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sorted thru various sources by: Zarenna Apit for Special Education Unit Melaka Education Department.

Introduction
Dyslexia (say: dis-lek-see-uh) is when someone has a difficult time in primarily reading and they also have a difficult time in processing words. The base of the word is lexia meaning reading and dys meaning difficult or hard. So what's going on inside the person's brain? Well, it doesn't mean the person is dumb. In fact, some very smart people like Albert Einstein have had dyslexia as well as Bill Gates. A kid who has dyslexia might start out doing fine in school. But gradually, it can become a struggle, especially when reading becomes an important part of schoolwork. A teacher might say that the kid is smart, but doesn't seem to be able to get the hang of reading. These include having trouble pronouncing and remembering words, avoiding reading, unwillingness to read out loud, not getting the meaning of reading, and guessing at unknown words.

Descriptions
Dyslexic children seem to have trouble learning early reading skills, problems hearing individual sounds in words, analyzing whole words in parts, and blending sounds into words. Letters such as "d" and "b" may be confused. Often a child with dyslexia has a problem translating language into thought (such as in listening or reading), or translating thought into language (such as in writing or speaking). Dyslexia is also referred to as developmental reading disorder. Dyslexia is a problem involving higher processing of symbols in the brain. Most children with dyslexia are of normal intelligence; many have above-average intelligence. However, when a child is dyslexic, there is often an unexpected difference between achievement and aptitude. Each child with dyslexia has different strengths and weaknesses, although many have unusual talents in art, athletics, architecture, graphics, drama, music, or engineering. These special talents are often in areas that require the ability to integrate sight, spatial skills, and coordination. Common characteristics of a child with dyslexia include problems with:

identifying single words understanding sounds in words, sound order, or rhymes spelling transposing letters in words handwriting reading comprehension the spoken language

understanding directions understanding opposites, such as up/down or early/late

Social and emotional difficulties often accompany this disorder, as children are unable to meet expectations of parents and teachers and feel frustrated at their inability to achieve their goals. They may have a negative self-image and become angry, anxious and depressed.

Symptoms and Treatments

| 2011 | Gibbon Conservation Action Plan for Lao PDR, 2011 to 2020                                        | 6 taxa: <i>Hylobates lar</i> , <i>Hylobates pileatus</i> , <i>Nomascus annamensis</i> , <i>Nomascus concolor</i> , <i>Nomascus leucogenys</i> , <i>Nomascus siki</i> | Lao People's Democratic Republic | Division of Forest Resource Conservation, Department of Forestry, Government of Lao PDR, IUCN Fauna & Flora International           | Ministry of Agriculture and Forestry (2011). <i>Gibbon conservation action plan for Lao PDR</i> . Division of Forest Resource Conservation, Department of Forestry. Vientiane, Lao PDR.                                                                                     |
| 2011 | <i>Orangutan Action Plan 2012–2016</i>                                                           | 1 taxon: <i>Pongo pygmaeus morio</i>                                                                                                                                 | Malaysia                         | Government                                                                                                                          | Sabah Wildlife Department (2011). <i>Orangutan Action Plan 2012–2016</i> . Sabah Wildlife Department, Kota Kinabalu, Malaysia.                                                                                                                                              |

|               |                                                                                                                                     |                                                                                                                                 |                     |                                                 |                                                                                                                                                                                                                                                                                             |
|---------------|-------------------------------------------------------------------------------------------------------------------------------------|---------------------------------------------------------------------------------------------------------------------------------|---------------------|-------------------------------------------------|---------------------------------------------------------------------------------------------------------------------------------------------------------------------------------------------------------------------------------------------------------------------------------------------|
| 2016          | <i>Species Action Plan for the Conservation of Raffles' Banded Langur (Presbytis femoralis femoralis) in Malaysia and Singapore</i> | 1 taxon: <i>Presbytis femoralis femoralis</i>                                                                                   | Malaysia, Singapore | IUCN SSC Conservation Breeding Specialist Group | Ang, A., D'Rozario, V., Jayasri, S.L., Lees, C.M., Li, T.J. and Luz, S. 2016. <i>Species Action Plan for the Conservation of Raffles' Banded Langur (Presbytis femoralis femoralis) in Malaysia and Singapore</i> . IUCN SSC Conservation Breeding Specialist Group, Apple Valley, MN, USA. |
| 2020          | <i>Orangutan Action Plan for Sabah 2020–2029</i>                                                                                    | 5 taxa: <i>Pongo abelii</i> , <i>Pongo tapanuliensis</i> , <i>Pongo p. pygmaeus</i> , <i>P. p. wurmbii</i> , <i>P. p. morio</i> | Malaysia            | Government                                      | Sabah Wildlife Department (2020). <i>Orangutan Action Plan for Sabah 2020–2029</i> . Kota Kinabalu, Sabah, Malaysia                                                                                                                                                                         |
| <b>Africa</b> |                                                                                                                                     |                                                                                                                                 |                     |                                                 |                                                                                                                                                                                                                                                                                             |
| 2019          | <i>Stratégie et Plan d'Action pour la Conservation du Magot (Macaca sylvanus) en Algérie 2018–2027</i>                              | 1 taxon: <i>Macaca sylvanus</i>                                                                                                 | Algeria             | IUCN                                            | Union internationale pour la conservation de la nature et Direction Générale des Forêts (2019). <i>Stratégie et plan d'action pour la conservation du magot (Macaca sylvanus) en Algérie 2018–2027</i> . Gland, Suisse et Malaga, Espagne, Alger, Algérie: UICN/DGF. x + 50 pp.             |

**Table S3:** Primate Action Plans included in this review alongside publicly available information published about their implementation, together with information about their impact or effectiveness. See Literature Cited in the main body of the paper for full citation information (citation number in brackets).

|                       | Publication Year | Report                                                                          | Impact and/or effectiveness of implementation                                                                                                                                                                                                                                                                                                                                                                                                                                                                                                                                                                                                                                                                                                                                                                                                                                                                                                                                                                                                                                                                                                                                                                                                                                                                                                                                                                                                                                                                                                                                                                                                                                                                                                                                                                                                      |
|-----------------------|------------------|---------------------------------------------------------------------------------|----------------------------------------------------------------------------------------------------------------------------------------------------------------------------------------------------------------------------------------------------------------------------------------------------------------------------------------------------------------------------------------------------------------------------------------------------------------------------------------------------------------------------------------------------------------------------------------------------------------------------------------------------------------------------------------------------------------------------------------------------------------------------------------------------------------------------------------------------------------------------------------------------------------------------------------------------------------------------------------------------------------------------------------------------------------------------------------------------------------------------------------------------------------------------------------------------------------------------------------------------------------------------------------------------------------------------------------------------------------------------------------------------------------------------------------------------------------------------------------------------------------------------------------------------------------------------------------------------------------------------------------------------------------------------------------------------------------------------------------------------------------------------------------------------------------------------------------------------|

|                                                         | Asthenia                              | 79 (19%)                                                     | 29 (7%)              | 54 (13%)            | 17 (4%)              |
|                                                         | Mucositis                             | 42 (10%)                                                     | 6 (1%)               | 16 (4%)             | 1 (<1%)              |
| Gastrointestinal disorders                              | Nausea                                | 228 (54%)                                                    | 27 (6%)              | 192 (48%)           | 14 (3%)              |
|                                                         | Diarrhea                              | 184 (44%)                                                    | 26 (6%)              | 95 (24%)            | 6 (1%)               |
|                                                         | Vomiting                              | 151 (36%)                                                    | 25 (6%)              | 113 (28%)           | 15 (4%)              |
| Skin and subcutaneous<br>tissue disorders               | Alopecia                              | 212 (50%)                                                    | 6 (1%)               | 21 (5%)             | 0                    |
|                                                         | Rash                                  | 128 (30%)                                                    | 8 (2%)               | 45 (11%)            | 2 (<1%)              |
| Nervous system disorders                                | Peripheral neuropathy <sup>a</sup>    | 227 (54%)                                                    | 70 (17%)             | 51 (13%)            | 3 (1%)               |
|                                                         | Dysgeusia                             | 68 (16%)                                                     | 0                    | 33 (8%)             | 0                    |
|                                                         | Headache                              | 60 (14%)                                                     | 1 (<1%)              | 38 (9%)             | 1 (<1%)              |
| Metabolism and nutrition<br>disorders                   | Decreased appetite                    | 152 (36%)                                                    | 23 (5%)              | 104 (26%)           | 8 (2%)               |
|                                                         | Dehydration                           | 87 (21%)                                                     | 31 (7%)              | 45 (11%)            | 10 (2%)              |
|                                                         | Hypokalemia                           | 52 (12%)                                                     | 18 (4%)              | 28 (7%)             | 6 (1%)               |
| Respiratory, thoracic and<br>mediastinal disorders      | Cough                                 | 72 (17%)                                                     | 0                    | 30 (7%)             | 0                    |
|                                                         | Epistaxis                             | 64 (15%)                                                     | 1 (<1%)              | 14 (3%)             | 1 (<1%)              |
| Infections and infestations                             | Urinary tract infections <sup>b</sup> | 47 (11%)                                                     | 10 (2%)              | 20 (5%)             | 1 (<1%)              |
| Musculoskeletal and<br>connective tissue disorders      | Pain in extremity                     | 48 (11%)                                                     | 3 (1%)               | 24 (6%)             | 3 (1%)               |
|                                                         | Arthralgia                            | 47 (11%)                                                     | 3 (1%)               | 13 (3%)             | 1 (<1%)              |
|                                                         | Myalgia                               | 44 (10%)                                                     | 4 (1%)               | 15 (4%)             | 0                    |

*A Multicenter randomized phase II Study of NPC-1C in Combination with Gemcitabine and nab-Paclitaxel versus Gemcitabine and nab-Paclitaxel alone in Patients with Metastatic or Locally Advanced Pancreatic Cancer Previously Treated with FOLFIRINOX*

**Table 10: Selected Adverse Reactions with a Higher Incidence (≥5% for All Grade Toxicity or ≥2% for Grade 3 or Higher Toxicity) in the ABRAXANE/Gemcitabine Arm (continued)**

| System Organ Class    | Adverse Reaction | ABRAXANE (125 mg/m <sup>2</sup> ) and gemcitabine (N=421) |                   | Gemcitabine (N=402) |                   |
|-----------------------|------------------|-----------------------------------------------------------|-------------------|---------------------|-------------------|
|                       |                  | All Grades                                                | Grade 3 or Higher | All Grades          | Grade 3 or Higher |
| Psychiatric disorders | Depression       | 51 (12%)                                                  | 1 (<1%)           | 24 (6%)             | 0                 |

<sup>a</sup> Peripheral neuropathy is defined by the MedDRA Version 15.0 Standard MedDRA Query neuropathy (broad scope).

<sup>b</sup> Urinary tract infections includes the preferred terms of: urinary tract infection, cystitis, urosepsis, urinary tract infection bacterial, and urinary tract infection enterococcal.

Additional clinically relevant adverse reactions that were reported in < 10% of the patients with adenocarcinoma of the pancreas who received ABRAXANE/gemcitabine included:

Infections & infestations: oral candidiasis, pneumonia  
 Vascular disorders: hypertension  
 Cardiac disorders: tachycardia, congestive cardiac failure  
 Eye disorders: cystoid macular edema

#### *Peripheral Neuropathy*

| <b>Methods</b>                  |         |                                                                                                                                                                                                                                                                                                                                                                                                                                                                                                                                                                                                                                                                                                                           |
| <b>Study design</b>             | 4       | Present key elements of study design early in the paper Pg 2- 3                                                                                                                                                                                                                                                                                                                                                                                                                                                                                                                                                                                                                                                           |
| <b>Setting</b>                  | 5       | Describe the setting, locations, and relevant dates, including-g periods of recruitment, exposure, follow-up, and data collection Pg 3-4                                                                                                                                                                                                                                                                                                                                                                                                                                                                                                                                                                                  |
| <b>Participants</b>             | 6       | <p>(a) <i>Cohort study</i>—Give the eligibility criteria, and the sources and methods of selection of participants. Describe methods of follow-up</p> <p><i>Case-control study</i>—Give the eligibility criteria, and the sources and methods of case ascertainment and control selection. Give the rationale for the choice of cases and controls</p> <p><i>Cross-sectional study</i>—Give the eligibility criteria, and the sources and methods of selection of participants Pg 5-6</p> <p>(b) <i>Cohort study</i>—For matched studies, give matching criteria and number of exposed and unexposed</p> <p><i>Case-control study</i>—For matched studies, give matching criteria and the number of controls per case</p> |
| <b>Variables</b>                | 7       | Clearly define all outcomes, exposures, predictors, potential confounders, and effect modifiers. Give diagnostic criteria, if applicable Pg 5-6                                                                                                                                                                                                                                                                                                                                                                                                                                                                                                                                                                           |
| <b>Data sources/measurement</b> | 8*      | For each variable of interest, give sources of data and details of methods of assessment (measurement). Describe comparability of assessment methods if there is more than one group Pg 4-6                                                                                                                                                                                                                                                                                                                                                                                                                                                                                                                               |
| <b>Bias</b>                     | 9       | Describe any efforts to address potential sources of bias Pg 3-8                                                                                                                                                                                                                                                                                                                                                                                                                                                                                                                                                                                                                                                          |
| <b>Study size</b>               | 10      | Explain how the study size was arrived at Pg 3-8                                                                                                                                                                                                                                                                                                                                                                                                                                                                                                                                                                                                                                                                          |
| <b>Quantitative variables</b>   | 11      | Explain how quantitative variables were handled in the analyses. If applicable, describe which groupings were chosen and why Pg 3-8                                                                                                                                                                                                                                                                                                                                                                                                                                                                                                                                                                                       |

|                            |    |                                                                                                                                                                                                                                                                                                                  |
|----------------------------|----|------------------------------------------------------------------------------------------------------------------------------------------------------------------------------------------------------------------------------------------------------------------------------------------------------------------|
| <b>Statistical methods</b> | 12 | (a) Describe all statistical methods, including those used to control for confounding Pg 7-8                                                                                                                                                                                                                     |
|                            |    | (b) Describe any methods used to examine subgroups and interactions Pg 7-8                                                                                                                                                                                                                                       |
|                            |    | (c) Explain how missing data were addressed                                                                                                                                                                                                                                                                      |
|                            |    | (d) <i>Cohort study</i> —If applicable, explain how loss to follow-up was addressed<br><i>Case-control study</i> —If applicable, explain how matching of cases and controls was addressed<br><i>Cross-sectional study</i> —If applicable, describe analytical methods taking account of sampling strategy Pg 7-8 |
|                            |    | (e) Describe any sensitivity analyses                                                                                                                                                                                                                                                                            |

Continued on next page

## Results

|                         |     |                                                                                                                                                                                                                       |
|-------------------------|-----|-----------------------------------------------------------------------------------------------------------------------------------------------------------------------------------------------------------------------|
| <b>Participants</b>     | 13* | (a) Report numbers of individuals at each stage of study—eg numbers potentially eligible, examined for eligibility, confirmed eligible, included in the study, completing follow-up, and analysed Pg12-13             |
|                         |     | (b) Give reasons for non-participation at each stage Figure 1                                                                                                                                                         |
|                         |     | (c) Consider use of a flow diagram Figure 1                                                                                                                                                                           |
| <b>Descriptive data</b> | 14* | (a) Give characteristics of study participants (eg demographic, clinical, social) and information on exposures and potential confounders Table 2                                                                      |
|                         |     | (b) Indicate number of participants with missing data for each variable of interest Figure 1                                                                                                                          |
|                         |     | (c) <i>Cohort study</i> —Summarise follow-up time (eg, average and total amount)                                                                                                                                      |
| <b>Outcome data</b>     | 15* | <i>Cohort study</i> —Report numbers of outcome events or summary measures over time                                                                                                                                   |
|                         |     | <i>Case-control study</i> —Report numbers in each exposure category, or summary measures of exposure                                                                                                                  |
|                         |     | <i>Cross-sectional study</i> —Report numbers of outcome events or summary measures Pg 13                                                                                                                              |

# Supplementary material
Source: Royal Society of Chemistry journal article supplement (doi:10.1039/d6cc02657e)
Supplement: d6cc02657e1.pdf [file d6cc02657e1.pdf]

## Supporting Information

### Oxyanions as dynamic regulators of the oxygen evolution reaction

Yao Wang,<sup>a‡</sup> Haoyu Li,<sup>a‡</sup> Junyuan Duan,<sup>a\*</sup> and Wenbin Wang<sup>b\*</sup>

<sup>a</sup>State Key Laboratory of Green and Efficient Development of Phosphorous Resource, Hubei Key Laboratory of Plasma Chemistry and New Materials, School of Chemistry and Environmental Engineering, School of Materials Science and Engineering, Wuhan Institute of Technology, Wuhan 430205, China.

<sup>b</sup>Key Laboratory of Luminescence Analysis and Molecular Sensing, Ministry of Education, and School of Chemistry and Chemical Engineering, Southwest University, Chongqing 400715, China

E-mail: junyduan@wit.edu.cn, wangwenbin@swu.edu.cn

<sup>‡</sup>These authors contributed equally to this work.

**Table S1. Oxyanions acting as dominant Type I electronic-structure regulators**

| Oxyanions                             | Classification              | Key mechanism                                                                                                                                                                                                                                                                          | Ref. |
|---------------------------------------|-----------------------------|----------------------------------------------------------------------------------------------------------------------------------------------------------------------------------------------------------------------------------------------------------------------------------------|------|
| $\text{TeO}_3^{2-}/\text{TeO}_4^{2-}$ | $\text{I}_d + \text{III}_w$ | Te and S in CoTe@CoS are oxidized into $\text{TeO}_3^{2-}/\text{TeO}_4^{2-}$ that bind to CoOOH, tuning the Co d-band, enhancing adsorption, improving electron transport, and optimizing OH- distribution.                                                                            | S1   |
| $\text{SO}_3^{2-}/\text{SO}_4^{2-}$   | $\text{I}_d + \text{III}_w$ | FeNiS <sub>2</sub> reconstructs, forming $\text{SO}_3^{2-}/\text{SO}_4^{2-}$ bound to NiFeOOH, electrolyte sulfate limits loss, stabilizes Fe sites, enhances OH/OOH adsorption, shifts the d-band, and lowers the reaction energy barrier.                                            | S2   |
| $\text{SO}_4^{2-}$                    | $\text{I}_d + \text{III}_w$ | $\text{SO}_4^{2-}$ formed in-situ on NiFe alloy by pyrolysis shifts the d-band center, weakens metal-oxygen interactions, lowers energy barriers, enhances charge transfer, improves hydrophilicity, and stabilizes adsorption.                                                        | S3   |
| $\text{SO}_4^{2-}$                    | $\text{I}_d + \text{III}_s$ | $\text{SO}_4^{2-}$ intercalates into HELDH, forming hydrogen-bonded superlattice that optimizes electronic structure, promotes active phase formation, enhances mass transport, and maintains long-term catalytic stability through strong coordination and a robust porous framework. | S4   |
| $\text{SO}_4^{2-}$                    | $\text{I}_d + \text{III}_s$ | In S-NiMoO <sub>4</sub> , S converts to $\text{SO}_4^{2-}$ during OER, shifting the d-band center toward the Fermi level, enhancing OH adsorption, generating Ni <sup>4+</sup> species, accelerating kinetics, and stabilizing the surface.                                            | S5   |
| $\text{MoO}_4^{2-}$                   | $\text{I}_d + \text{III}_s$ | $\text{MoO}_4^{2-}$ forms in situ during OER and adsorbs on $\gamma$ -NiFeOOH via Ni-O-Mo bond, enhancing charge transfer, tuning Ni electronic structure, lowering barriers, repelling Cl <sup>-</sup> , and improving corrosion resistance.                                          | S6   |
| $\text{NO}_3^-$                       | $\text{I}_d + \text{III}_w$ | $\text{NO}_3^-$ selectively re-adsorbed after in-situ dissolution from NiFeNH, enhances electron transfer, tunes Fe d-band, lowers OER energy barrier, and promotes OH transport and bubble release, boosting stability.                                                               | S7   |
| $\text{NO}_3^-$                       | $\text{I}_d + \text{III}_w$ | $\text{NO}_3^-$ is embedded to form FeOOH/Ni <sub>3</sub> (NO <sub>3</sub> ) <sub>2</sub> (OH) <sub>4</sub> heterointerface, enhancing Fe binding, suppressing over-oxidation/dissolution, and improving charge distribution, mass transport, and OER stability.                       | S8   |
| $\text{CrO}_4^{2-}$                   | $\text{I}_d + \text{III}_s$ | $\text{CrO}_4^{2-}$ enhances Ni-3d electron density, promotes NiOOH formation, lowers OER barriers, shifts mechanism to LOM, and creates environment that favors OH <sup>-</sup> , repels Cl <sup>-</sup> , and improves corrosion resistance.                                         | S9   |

Training can help children with this phoneme problem. The training consists of practicing word structure to decrease mis-pronunciation. One technique is breaking down a word into its phonemes, for example, "cat" is pronounced kuh-ahh-tuh. Children with dyslexia show a variety of symptoms and there are many strategies educators and parents can use to help their children compensate. Signs of dyslexia include difficulty in pronouncing words (especially longer ones), difficulty learning letter names and sounds, difficulty learning how to read/write his/her own name, not being able to identify syllables, and not being able to read or spell words in the correct order (such as top and pot). Most kids begin learning to read by learning how each letter of the alphabet looks and sounds. Next, they start figuring out what the letters sound like when they're put together to form words. Reading is a little like riding a bike because you have to do a bunch of things at once. It's hard at first, but once you know how to do it, it feels easy and natural. Reading means their eyes and brain have to do all these steps: 1. focus on printed marks (letters and words) 2. control eye movements across the page 3. recognize the way letters sound 4. understand words and grammar (the way words are put together) 5. build images and ideas 6. compare new ideas to what is already known 7. store the ideas in memory Treatment includes seeking professional help such as tutors, teachers that specialize in dyslexia, pediatricians, and academic language therapists. Slowly repeating new, longer words helps dyslexic children learn. Arranging private read aloud time with the teacher avoids fear and embarrassment of trying to read aloud in front of peers. Dyslexic children also struggle with spelling. Educators can encourage the dyslexic child to proofread carefully, helping them train themselves to see errors in letters that they are switching around. Classroom teachers can structure systematic